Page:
Paving the way to greenhouse gas reductions

August 29, 2011 by David L. Chandler, MIT News

Concrete is one of the most extensively used materials worldwide -- on average, more than two tons per year of the rock-like stuff is produced for every man, woman and child on Earth, making its use second only to water. And that vast amount of new concrete is responsible for somewhere between 5 and 10 percent of global greenhouse gas emissions, making it a significant target for improvements.

To that end, MIT in 2009 established a research group called the Concrete Sustainability Hub, with support from the cement industry. This month the CSH issued two major reports — one on concrete pavements, the second on concrete buildings — that examine in detail those products’ life-cycle costs, in both money and . The group’s principal researchers say these are the most comprehensive and transparent (all their data and assumptions are open) analyses ever attempted.

One example of the pavement report’s novel contributions is to take into account the effects of different methods and materials used for constructing pavements. These decisions can significantly impact the performance of the vehicles that eventually travel over them, but in previous efforts to quantify pavements’ life-cycle costs and emissions, there has been little or no attempt to factor in these variables. Similarly, maintenance practices, including the emissions resulting from traffic delays and detours caused by road repairs, are not often included in assessments.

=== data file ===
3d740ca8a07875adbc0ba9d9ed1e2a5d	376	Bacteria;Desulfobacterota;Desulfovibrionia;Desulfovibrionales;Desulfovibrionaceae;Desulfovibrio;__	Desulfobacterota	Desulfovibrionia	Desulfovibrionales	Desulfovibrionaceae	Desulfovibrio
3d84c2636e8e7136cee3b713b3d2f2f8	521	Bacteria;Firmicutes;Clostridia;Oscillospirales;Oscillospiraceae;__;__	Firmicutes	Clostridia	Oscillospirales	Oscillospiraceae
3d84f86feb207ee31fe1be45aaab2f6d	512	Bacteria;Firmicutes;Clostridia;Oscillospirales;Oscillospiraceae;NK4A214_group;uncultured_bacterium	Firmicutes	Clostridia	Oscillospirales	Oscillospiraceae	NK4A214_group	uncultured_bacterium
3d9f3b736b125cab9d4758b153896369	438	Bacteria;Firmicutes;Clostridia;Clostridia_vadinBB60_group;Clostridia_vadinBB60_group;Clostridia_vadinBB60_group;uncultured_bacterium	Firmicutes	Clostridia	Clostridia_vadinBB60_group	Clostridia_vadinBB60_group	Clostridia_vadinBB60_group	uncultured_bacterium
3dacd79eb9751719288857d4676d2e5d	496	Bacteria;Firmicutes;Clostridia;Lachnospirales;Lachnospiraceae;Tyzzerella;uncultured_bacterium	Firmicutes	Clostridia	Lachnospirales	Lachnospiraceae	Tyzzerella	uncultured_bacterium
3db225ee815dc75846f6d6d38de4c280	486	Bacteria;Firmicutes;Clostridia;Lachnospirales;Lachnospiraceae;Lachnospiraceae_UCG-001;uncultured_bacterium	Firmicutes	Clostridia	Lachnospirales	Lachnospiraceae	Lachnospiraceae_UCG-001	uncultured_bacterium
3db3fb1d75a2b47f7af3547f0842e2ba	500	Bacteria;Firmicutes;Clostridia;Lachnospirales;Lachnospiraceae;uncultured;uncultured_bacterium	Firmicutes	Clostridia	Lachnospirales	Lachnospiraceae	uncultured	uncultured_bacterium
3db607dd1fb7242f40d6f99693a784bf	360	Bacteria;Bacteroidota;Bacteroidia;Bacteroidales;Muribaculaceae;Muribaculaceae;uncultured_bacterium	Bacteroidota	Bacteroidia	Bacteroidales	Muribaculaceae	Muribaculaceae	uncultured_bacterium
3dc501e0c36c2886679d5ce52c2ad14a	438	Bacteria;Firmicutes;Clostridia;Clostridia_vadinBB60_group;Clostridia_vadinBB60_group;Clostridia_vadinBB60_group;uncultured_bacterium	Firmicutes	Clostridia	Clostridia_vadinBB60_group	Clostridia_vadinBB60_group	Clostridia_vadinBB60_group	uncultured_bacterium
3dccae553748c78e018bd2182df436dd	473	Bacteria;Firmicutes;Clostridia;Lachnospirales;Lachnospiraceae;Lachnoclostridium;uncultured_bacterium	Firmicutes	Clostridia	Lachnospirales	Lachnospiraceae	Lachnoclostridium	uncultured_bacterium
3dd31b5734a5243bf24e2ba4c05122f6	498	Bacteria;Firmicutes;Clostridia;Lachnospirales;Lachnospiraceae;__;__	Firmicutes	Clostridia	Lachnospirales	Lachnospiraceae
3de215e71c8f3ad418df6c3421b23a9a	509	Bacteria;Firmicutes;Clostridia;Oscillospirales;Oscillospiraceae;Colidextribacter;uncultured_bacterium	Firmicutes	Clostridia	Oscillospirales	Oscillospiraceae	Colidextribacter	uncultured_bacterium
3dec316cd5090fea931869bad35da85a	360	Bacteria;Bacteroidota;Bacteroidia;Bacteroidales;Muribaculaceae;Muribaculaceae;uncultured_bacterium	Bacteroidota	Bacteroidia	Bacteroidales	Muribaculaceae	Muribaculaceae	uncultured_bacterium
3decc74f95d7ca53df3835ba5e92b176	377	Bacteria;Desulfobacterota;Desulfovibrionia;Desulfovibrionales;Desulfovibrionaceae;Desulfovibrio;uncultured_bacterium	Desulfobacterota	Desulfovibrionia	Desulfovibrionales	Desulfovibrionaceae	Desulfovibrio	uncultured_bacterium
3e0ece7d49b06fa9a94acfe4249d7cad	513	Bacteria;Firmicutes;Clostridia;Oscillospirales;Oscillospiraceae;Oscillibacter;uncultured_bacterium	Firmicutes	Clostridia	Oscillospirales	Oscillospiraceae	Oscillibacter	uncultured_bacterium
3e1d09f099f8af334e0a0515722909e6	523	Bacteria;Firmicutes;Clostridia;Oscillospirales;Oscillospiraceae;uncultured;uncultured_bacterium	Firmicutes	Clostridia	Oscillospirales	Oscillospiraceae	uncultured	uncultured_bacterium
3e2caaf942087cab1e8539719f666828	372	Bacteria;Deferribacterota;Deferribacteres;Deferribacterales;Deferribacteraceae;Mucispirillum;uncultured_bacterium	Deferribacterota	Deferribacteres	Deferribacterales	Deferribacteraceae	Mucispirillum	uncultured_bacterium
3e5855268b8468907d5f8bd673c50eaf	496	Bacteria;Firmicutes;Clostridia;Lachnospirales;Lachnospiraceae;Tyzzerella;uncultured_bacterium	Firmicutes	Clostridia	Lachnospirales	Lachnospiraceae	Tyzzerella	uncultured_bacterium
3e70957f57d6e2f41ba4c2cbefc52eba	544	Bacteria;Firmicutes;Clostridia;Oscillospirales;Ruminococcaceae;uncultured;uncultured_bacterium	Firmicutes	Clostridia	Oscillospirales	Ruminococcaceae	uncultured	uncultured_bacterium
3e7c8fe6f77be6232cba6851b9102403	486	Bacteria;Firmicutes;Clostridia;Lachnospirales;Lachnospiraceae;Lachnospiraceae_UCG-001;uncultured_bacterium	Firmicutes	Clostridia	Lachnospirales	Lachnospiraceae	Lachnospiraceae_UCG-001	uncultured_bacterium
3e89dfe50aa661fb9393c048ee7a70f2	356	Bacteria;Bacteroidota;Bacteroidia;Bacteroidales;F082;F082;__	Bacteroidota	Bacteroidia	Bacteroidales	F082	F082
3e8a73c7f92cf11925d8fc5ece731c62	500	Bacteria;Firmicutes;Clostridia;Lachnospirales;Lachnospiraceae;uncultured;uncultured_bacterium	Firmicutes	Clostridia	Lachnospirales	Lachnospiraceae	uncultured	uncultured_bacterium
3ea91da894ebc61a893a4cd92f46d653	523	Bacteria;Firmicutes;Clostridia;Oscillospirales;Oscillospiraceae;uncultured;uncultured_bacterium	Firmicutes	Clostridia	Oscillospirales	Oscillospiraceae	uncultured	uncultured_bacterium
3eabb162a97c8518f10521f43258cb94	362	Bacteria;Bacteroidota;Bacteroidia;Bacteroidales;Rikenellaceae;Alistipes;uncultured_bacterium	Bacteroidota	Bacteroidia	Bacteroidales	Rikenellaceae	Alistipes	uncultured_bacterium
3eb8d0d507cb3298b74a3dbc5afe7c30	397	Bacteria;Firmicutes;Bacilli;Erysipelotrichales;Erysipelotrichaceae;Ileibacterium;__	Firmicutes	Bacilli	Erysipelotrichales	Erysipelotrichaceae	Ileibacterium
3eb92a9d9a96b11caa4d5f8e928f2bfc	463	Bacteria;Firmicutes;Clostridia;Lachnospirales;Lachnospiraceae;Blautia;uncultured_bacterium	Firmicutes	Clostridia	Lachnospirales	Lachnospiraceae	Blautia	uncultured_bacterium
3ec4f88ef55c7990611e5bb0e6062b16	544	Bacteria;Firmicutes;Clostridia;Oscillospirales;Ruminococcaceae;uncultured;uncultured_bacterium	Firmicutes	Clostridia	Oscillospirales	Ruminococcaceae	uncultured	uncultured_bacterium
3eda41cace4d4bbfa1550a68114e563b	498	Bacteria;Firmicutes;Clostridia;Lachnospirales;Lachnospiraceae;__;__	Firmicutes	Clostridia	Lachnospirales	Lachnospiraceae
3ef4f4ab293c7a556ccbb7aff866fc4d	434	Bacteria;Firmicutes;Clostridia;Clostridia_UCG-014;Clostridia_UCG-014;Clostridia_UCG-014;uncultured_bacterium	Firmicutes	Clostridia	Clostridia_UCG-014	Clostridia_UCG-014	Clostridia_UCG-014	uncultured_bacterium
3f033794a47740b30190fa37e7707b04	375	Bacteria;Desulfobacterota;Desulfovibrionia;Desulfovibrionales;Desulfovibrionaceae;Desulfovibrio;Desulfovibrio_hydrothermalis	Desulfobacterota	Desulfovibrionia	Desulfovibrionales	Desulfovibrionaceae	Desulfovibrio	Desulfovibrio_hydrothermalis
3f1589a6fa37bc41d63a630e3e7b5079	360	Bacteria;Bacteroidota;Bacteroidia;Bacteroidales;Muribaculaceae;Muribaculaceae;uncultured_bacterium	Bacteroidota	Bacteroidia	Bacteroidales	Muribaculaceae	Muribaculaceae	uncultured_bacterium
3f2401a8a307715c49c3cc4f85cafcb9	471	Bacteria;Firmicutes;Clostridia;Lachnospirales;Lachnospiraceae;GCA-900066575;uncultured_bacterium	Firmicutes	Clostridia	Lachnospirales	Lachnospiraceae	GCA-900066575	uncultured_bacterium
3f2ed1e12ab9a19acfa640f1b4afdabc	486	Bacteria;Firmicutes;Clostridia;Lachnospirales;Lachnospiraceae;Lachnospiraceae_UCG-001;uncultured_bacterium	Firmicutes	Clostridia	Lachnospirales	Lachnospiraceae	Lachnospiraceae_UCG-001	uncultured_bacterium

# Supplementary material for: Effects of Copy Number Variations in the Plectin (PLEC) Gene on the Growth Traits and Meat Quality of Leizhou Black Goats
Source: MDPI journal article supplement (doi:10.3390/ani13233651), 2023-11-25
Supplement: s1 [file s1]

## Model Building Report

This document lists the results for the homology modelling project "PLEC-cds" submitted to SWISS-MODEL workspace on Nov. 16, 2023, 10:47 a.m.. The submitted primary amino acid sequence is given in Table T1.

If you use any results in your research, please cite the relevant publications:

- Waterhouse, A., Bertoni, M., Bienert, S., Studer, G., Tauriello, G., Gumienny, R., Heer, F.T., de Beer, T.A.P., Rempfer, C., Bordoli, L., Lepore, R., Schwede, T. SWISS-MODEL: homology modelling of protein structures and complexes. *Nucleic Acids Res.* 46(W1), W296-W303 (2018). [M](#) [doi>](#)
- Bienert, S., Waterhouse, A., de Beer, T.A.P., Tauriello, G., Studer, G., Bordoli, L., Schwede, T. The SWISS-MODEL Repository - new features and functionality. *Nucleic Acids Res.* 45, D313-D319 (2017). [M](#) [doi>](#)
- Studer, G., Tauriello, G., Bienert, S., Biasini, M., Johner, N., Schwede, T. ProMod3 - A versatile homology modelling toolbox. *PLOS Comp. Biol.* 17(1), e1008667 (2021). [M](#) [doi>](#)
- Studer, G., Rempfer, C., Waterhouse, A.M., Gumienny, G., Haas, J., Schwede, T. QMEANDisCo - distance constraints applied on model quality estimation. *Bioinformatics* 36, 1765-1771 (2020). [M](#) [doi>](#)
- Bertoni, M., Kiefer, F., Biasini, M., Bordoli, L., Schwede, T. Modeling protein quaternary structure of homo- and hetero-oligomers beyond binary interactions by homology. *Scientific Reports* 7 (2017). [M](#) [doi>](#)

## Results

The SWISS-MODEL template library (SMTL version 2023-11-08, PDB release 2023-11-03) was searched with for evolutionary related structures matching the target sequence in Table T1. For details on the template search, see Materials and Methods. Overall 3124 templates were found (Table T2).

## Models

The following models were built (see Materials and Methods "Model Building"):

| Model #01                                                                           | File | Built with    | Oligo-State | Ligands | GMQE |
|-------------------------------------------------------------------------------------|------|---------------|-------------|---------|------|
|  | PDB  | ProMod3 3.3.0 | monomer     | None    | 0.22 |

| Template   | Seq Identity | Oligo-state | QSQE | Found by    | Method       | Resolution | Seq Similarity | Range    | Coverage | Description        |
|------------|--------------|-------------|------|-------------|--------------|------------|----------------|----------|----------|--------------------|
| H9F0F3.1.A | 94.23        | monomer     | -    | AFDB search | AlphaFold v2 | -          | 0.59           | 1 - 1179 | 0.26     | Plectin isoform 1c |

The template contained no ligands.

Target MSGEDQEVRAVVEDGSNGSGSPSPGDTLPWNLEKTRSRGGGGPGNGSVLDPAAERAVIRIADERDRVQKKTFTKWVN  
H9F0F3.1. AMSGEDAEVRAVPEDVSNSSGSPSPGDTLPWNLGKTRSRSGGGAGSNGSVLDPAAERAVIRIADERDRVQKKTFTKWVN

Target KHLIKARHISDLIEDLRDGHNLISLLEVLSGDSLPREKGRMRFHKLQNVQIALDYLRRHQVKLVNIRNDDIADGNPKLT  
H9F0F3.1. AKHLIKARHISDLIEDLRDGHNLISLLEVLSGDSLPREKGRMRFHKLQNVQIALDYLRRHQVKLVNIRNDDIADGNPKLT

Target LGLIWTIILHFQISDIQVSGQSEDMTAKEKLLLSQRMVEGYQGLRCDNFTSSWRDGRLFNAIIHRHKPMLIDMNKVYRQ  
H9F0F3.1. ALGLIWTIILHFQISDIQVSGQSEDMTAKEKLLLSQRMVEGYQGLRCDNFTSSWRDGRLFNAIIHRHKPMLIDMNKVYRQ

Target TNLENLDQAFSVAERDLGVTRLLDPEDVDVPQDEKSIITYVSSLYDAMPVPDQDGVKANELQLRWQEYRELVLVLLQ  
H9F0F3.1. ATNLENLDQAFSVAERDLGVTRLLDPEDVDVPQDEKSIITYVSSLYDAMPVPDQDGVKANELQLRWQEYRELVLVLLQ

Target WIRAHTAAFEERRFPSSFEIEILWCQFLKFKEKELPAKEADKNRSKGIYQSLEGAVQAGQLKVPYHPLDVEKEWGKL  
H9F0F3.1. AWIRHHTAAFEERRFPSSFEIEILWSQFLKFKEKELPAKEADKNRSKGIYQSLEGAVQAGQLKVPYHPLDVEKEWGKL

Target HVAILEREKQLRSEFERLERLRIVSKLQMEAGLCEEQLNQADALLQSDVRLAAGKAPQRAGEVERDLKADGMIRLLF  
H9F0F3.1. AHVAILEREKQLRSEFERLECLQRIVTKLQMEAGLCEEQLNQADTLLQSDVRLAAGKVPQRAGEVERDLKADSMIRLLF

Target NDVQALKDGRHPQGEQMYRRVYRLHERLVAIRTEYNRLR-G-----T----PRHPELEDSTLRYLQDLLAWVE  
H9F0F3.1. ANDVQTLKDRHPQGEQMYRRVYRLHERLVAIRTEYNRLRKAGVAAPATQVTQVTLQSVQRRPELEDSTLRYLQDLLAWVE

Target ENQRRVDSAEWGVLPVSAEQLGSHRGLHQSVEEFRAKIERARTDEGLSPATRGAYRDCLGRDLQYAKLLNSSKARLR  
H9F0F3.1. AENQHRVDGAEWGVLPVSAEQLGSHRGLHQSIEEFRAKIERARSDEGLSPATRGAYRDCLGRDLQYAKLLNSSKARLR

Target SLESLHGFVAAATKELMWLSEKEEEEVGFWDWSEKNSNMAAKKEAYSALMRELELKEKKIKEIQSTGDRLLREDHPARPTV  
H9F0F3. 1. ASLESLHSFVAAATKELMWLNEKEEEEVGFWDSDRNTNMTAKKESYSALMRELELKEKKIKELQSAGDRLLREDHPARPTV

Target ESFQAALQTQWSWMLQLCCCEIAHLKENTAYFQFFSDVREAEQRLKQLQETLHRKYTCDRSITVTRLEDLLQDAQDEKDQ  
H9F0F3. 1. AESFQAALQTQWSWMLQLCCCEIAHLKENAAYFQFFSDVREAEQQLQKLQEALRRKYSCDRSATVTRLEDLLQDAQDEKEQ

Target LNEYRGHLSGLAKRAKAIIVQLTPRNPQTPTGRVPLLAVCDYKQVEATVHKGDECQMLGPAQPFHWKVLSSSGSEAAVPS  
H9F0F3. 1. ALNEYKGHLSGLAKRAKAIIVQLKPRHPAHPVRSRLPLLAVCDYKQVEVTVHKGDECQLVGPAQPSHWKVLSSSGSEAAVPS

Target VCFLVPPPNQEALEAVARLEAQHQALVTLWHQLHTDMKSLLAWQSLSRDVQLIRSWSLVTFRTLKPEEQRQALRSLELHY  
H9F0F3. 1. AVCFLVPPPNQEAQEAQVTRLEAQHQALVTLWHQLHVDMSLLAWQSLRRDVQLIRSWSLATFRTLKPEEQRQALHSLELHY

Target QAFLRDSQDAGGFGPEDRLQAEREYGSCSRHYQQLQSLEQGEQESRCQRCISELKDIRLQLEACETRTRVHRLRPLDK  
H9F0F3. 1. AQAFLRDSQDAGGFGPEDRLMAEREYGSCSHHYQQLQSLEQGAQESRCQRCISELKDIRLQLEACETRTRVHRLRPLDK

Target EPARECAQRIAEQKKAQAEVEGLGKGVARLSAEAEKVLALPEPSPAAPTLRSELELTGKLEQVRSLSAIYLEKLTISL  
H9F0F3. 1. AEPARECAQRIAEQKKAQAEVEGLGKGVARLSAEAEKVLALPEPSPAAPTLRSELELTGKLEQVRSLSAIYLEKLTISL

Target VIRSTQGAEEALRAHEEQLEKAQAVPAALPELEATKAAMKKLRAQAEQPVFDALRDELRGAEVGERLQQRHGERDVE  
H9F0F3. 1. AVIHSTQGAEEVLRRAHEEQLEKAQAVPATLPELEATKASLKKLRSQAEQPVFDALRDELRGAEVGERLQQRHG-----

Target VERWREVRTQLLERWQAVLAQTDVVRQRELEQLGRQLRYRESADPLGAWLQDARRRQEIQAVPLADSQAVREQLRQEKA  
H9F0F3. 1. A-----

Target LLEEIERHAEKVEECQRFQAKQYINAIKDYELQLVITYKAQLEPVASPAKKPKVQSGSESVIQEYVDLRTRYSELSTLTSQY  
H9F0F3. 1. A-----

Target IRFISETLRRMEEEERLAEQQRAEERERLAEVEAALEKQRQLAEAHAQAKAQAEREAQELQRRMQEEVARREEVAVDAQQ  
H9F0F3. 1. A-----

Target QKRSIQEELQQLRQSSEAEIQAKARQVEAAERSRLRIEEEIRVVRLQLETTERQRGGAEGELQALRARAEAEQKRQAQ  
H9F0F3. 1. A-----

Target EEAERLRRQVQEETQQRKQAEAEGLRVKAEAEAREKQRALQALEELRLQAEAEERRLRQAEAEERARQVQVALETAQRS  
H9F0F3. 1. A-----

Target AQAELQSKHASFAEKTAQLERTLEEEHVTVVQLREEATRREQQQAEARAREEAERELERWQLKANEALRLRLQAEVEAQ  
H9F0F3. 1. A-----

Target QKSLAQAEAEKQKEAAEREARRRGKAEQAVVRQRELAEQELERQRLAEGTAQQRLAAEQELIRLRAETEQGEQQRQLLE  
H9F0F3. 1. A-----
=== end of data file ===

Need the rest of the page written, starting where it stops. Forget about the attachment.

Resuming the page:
The MIT report on pavements attempts to quantify all of these elements and include their overall impact. For example, differences in surface roughness and in the stiffness of the pavement, it turns out, do have a small impact on vehicle gas mileage, which, when multiplied by the vast number of vehicles on the road, can add up to a major difference in emissions over the pavement’s full life cycle.

“We wanted to put out a methodology that’s more or less comprehensive, looking at everything in the whole life cycle,” says Nicholas Santero, a research scientist in MIT’s Department of Civil and Environmental Engineering and the lead author of the 100-page report on pavements.

To study the effect of pavement stiffness, the team used computer models, as previous efforts to directly measure physical effects had been “all over the map” because the differences are so small, Santero says. Essentially, less-stiff roads that give more as a vehicle passes over create a small indentation where the wheels are, so that to a very small extent the car is always going “uphill” and uses more fuel. Stiffer roads, such as those made from concrete rather than asphalt, can thus provide a slight boost in efficiency.

Because there are wide variations in usage patterns and climate conditions experienced by different roads, the MIT team looked at 12 specific types of roads — ranging from interstate highways to local surface roads — to carry out their analysis.